Richard Trevithick Tunnel Open Day Merthyr Tydfil Photography
I'm not just a wedding photographer in Merthyr Tydfil. I also cover local events around South Wales.
Local heritage interpreter and storyteller Tony Thomas portraying Richard Trevithick marking the anniversary of the world's first steam engine on 21st February 1804 in Merthyr Tydfil’s history.
In 1802, Trevithick built one of his high-pressure steam engines to drive a hammer at the Pen-y-Darren Ironworks in Merthyr Tydfil, Mid Glamorgan. With the assistance of Rees Jones, an employee of the ironworks and under the supervision of Samuel Homfray, the proprietor, he mounted the engine on wheels and turned it into a locomotive. In 1803, Trevithick sold the patents for his locomotives to Samuel Homfray.
Homfray was so impressed with Trevithick's locomotive that he made a bet with another ironmaster, Richard Crawshay, for 500 guineas that Trevithick's steam locomotive could haul ten tons of iron along the Merthyr Tydfil Tramroad from Penydarren to Abercynon, a distance of 9.75 miles. Amid great interest from the public, on 21 February 1804, it successfully carried 10 tons of iron, 5 wagons, and 70 men the full distance in 4 hours and 5 minutes, an average speed of approximately 2.4 mph. As well as Homfray, Crawshay and the passengers, other witnesses included Mr. Giddy, a respected patron of Trevithick and an 'engineer from the Government'. The engineer from the government was probably a safety inspector and particularly interested in the boiler's ability to withstand high steam pressures.
The configuration of the Pen-y-Darren engine differed from the Coalbrookdale engine. The cylinder was moved to the other end of the boiler so that the fire door was out of the way of the moving parts. This obviously also involved putting the crankshaft at the chimney end. The locomotive comprised a boiler with a single return flue mounted on a four-wheel frame. At one end, a single-cylinder with very long stroke was mounted partly in the boiler, and a piston rod crosshead ran out along a slidebar, an arrangement that looked like a giant trombone. As there was only one cylinder, this was coupled to a large flywheel mounted on one side. The rotational inertia of the flywheel would even out the movement that was transmitted to a central cog-wheel that was, in turn, connected to the driving wheels. It used a high-pressure cylinder without a condenser; the exhaust steam was sent up the chimney assisting the draught through the fire, increasing efficiency even more.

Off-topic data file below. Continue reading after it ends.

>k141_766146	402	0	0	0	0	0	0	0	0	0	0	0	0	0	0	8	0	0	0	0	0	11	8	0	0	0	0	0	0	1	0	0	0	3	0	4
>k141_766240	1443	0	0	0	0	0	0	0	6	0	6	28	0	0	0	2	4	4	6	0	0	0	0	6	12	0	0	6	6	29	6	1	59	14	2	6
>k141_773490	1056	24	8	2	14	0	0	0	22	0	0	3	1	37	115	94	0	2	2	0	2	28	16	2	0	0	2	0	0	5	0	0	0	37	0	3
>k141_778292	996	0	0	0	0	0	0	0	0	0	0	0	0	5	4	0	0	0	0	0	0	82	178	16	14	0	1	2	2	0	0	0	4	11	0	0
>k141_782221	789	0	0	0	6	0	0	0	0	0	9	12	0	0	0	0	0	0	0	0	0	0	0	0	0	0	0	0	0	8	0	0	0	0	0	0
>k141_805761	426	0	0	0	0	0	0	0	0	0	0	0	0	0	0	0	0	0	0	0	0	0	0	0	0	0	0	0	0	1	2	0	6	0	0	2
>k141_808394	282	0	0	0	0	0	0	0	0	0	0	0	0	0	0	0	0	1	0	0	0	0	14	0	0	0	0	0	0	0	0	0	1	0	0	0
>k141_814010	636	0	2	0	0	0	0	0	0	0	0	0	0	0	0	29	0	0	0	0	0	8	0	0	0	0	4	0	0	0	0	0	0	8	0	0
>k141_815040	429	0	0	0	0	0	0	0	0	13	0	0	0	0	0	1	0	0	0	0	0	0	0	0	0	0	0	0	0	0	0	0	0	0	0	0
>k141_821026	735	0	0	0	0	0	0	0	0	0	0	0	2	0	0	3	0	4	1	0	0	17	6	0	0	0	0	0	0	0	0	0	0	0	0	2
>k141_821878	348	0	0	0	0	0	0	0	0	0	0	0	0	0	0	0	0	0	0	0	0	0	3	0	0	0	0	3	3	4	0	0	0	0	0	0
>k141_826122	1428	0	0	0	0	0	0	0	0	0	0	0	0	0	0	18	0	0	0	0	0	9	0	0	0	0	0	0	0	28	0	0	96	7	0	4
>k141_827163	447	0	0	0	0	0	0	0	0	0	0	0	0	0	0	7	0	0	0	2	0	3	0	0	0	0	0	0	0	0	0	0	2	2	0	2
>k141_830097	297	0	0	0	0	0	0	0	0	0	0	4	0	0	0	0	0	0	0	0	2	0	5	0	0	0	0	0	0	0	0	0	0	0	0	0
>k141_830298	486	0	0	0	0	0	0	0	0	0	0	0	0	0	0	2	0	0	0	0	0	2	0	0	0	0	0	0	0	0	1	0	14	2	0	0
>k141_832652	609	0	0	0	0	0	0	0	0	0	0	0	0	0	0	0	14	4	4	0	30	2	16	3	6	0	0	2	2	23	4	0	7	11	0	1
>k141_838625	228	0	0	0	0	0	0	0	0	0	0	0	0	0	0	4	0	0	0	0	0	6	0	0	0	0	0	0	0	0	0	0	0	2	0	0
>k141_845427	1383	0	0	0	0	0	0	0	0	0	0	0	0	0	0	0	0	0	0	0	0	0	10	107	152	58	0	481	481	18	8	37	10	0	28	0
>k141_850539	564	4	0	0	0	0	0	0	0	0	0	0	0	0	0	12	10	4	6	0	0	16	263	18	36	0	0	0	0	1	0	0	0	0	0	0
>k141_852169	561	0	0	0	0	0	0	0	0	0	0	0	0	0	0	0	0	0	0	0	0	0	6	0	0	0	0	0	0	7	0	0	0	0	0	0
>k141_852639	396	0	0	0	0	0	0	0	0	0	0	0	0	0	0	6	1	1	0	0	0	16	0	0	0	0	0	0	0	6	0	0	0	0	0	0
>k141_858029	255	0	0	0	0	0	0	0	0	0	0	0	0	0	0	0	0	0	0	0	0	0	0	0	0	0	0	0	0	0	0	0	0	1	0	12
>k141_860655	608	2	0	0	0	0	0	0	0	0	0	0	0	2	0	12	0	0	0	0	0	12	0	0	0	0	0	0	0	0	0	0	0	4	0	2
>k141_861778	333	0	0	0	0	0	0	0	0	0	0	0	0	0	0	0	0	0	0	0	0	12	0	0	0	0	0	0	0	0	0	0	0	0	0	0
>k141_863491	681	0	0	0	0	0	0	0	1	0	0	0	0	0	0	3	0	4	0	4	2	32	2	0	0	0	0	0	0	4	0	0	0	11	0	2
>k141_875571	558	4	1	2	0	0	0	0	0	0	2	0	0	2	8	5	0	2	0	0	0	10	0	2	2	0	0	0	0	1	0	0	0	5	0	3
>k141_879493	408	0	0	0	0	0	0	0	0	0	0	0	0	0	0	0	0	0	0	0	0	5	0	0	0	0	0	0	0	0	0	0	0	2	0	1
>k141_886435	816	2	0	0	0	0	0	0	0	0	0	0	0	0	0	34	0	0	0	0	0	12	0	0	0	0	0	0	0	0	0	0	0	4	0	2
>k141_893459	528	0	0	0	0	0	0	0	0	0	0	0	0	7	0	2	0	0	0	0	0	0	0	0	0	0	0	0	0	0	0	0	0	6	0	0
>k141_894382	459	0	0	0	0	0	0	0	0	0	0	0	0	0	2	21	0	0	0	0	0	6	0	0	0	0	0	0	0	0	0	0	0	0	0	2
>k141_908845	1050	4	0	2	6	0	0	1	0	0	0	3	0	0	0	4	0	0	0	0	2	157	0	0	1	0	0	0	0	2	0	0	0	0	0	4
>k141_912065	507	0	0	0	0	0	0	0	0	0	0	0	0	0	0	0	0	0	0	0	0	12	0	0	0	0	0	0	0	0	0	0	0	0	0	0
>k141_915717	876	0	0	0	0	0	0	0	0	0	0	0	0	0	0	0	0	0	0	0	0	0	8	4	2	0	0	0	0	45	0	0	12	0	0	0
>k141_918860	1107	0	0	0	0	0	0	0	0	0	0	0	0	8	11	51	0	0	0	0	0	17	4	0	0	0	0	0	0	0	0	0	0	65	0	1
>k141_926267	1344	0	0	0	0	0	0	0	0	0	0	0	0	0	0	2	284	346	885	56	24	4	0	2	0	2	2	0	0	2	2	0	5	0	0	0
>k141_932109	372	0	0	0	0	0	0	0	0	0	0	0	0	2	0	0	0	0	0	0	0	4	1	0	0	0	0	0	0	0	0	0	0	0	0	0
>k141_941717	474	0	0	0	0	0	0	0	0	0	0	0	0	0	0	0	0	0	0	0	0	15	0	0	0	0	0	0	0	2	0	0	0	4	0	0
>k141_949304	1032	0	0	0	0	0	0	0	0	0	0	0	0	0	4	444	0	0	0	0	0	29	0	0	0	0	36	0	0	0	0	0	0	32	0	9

The bet was won. Despite many people's doubts, it had been shown that, provided that the gradient was sufficiently gentle, it was possible to successfully haul heavy carriages along a smooth iron road using the adhesive weight alone of a suitably heavy and powerful steam locomotive. Trevithick's was probably the first to do so; however, some of the short cast iron plates of the tramroad broke under the locomotive as they were intended only to support the lighter axle load of horse-drawn wagons and so the tramroad returned to horsepower after the initial test run.
Homfray was pleased he won his bet. The engine was placed on blocks and reverted to its original stationary job of driving hammers.
In modern-day Merthyr Tydfil, behind the monument to Trevithick's locomotive lies a stone wall, the sole remainder of the former boundary wall of Homfray's Penydarren House.
A full-scale working reconstruction of the Pen-y-Darren locomotive was commissioned in 1981 and delivered to the Welsh Industrial and Maritime Museum in Cardiff; when that closed, it was moved to the National Waterfront Museum in Swansea. Several times a year it is run on a 40m length of rail outside the museum.